May #35 : Lazarus: Love Among the Ruins - by Peter Kurth

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Table of Contents

Just His Imagination

Down On the Pharm

From Unsafe to Ill

Power Plants

Take a Letter, Shalala

Sherri on Top

Jibe Talk

AIDS and the Single Girl

Lazarus: Love Among the Ruins

Survey: A Council Resigned

Plant Primer

S.O.S.

Garden Variety

Spit Tune

Life: Good Pill Hunting

Last Laugh: Impossible Dream

What's The Point?

Read This: Heroic Measures

Number's Up

Mother's Little Helpers

A Yale Tale

The Big Sleep

Bearback

Say What

More Life: Even Tough Guys Get HIV

Tribute: My Brother, My Self

HIV Naysayers Find Their Achilles' HEAL



Most Popular Lessons

The HIV Life Cycle

Shingles

Herpes Simplex Virus

Syphilis & Neurosyphilis

Treatments for Opportunistic Infections (OIs)

What is AIDS & HIV?

Hepatitis & HIV


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May 1998

Lazarus: Love Among the Ruins

by Peter Kurth

A miracle man goes where friends cannot follow

In one of the many fictionalized versions of the Lazarus story, the turn-of-the-century American poet Edward Arlington Robinson invented a scene between Lazarus and his two sisters, Martha and Mary. Lazarus had just been raised from the dead, and Martha, known as a shipshape housekeeper and the most impatient woman in the Bible, was fretting over the look on her brother's face. Lazarus seemed lost in his thoughts, utterly oblivious to problems of the real world. He'd been moping around the house, Martha complained. What was the matter? Why couldn't everything be "as it was before?"

It was Mary, the gentler and more soulful sister, who corrected Martha before she could cause Lazarus any trouble. "No, my dear," said Mary, "not 'as it was before.' Nothing is ever as it was."

Just between us, I need more friends like Mary and fewer like Martha. A year and a half into my protease rebirth, with an undetectable viral load, impressive T-cells and nothing disturbing my sleep except chronic poverty and a neuropathic leg, my friends all seem offended -- insulted, even -- by my current contented state. Nowhere is this more apparent than in their attitude toward my lover, John -- the light of my life, the fire of my loins, the man I waited 43 years to meet and who only came along after each of us had been rescued from the brink of death.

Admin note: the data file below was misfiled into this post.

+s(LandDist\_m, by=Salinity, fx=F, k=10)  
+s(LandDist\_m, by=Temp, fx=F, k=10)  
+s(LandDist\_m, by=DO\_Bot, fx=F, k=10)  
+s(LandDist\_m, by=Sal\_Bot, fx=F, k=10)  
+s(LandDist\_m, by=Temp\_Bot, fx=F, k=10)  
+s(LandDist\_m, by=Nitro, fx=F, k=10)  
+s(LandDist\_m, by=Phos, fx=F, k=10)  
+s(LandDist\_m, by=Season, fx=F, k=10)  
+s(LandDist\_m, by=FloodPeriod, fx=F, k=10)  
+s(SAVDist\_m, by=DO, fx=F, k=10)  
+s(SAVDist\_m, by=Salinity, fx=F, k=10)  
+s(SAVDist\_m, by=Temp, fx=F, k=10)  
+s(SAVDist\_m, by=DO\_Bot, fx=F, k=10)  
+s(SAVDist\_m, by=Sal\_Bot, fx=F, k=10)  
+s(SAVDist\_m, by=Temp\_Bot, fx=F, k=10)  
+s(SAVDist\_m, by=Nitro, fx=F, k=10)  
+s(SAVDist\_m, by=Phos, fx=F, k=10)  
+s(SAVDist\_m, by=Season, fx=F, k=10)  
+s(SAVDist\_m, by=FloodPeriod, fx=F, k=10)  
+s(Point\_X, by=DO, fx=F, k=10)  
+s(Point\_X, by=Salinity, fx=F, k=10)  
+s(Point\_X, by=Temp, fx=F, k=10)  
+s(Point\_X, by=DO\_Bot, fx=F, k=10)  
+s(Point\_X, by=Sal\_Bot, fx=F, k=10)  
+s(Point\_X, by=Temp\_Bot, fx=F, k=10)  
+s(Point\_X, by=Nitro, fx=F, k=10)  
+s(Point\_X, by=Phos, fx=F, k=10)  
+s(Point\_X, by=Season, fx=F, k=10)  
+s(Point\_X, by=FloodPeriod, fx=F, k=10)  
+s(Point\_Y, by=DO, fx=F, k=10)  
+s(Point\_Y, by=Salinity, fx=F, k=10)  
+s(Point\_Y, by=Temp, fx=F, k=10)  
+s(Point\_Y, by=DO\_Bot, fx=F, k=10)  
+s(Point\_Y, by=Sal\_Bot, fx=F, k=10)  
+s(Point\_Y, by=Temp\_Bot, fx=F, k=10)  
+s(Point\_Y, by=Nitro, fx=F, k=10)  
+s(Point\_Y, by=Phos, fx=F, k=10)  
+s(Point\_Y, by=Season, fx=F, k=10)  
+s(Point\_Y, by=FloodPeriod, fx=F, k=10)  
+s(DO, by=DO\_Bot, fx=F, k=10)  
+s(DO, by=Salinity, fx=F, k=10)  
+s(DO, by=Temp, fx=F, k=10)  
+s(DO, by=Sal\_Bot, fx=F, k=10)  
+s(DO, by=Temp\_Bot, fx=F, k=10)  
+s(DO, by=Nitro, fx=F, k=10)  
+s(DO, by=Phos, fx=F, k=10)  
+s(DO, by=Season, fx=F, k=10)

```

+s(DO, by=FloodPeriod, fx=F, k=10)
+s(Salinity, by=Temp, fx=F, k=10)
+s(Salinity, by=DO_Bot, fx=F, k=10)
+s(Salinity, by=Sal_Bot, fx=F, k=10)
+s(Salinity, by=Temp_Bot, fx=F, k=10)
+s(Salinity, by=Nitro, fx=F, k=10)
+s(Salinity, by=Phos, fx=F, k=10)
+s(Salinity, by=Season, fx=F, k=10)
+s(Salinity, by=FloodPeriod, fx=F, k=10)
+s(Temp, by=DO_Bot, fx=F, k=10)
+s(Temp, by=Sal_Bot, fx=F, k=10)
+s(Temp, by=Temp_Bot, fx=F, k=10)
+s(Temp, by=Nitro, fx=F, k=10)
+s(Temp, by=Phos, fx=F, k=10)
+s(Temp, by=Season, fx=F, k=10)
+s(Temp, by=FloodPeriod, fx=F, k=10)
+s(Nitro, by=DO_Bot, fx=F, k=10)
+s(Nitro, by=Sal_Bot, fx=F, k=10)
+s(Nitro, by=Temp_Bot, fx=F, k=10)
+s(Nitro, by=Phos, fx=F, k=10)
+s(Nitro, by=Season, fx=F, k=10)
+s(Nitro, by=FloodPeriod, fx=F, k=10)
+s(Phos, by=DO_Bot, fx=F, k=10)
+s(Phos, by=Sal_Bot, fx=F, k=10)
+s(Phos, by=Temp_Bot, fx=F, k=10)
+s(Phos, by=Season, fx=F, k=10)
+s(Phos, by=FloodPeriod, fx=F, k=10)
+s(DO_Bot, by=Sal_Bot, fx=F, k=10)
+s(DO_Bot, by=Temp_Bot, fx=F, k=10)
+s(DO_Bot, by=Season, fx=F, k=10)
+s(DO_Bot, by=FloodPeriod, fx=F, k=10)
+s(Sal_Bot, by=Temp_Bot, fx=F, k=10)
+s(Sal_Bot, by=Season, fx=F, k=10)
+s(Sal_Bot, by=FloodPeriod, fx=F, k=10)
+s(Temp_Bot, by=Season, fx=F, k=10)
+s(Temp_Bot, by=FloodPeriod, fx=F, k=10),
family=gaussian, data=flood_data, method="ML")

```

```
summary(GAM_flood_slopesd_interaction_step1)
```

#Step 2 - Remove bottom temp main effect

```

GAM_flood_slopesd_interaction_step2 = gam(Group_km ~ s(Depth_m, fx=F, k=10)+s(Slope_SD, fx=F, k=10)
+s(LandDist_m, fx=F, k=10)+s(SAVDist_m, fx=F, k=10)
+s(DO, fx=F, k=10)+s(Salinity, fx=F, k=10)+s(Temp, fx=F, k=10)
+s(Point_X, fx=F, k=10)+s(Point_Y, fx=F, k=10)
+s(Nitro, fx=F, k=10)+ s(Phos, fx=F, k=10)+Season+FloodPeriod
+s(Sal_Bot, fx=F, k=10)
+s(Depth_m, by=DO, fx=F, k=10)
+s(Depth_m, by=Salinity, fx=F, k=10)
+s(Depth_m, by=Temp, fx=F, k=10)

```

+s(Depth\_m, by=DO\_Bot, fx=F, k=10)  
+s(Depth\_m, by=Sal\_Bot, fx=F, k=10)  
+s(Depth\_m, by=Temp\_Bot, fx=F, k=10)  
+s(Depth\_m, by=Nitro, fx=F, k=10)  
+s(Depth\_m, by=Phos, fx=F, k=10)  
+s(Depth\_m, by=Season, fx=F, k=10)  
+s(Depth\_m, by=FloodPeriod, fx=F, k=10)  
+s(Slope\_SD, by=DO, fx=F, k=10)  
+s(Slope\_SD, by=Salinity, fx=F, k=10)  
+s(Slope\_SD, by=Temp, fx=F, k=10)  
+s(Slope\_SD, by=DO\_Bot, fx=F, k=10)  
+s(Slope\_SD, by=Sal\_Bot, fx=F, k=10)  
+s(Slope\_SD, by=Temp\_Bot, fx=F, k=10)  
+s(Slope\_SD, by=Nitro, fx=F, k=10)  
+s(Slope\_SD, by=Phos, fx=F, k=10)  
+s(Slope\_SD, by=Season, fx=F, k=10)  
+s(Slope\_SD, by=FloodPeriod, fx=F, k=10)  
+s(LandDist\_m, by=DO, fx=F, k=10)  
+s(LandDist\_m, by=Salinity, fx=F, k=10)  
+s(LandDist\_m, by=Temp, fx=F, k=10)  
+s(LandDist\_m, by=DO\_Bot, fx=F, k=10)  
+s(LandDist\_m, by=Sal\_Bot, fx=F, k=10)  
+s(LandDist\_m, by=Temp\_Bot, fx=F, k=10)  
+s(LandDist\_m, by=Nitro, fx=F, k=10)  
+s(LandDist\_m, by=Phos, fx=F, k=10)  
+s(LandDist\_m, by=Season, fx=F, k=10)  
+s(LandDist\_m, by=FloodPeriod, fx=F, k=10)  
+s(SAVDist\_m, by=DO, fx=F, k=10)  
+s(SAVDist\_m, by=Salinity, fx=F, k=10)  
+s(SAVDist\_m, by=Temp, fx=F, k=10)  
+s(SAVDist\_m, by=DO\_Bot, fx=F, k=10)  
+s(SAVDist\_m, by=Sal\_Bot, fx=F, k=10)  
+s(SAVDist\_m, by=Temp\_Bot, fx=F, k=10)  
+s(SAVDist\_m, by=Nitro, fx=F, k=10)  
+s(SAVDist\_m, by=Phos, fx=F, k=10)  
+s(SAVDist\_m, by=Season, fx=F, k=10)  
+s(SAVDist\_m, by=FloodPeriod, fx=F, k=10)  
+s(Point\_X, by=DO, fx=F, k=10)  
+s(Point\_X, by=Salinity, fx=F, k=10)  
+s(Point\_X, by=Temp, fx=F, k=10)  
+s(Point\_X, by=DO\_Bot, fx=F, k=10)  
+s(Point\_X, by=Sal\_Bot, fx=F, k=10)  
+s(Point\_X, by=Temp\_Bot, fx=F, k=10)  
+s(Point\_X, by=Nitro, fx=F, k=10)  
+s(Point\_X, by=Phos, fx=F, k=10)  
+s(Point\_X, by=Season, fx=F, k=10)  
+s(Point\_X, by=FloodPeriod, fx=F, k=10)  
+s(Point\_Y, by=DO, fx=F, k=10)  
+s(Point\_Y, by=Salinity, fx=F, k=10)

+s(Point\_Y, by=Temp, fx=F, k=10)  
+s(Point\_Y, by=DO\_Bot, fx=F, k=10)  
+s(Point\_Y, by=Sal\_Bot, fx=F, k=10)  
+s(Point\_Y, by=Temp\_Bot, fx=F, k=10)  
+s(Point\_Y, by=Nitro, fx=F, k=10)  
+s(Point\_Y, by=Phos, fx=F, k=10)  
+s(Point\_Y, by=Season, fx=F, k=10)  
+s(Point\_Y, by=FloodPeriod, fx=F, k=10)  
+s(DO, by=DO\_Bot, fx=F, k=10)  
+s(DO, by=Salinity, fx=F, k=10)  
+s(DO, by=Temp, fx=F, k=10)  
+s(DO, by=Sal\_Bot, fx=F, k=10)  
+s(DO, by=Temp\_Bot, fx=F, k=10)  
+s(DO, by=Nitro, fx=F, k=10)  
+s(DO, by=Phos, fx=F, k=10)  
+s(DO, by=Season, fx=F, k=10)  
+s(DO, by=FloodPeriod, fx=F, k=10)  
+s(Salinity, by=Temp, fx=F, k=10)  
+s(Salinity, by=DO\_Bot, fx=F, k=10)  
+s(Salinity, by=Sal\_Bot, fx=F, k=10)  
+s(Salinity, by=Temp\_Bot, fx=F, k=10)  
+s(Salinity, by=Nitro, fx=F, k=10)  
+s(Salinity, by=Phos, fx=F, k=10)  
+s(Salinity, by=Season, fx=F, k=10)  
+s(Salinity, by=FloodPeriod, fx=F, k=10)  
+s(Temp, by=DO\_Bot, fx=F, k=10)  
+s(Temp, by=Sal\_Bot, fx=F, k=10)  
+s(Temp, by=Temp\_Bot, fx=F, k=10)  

Granted, it must be quite a stretch for old friends to hear me say, "I'm in love" and know I mean it. I, who swore by the motto "Men are pigs" and dismissed marriage as a romantic fantasy with nothing to recommend it but tax breaks and the KitchenAid mixer some guest might be considerate enough to give you at the wedding. I, whose sex life, after many trials and travails, had dwindled to the occasional Saturday night at the baths and the laughing-on-the-outside, crying-on-the-inside survivor's quip, "Sure, I like a bit of sex, but it has to be brisk!" I, who prided himself on his adventurous tastes and his refusal to bow to the repressive institutions of a patriarchal society, have fallen -- kaboom! -- for domestic bliss.

For John and me, it was at an HIV support group, but what the hell. We like to say that we met sneaking cigarettes underneath the bridge to the 21st century. We have seen the future and it has our names on it. As long as I lived I never expected to meet anyone as wonderful as this, let alone have my love returned and be gazing confidently at a future that seems brighter by the hour.

OK, so maybe it is a little hard to take. But nothing prepared me for the skepticism that's greeted this most wonderful of relationships, this blessed development in my life -- a skepticism that seems especially pronounced and cruel against the backdrop of AIDS. It's as if my friends can't believe that something might work out, and beautifully, for two homosexuals with a fatal disease. I hate to seem ungrateful, but I sometimes think they preferred it when they thought I was dying -- when I was sick, anyhow -- and in need of care. Now they look at me and John and say: "Do you know what you're doing?" "I'm worried. As a friend I have to tell you." "Relationships are hard, hard work." And my favorite: "Congratulations. Enjoy it while it lasts."

And they call me a cynic! No wonder so many relationships fail -- people talk about them as if they were blownout tires, endlessly difficult, nothing but trouble.

In our case, of course, trouble is the strongest glue. There's nothing so powerful as shared suffering to inspire passionate devotion. Neither John nor I expected to be still walking around in 1998, as the AIDS epidemic approaches its third decade. We both looked at death and we prefer what we have. We need each other, and we intend to live happily ever after, however long "ever after" turns out to be.

So to the Marthas who prefer their Lazaruses ill I say: Relax. If John and I can still believe in a rosy future, why can't you? We're already hard at work on our first book, a self-help manual for people who want to put the "up" back in couple. We're calling it Codependent Now, Codependent Tomorrow, Codependent Forever! Because the view from here is wonderful, and we deserve that $1 million advance.




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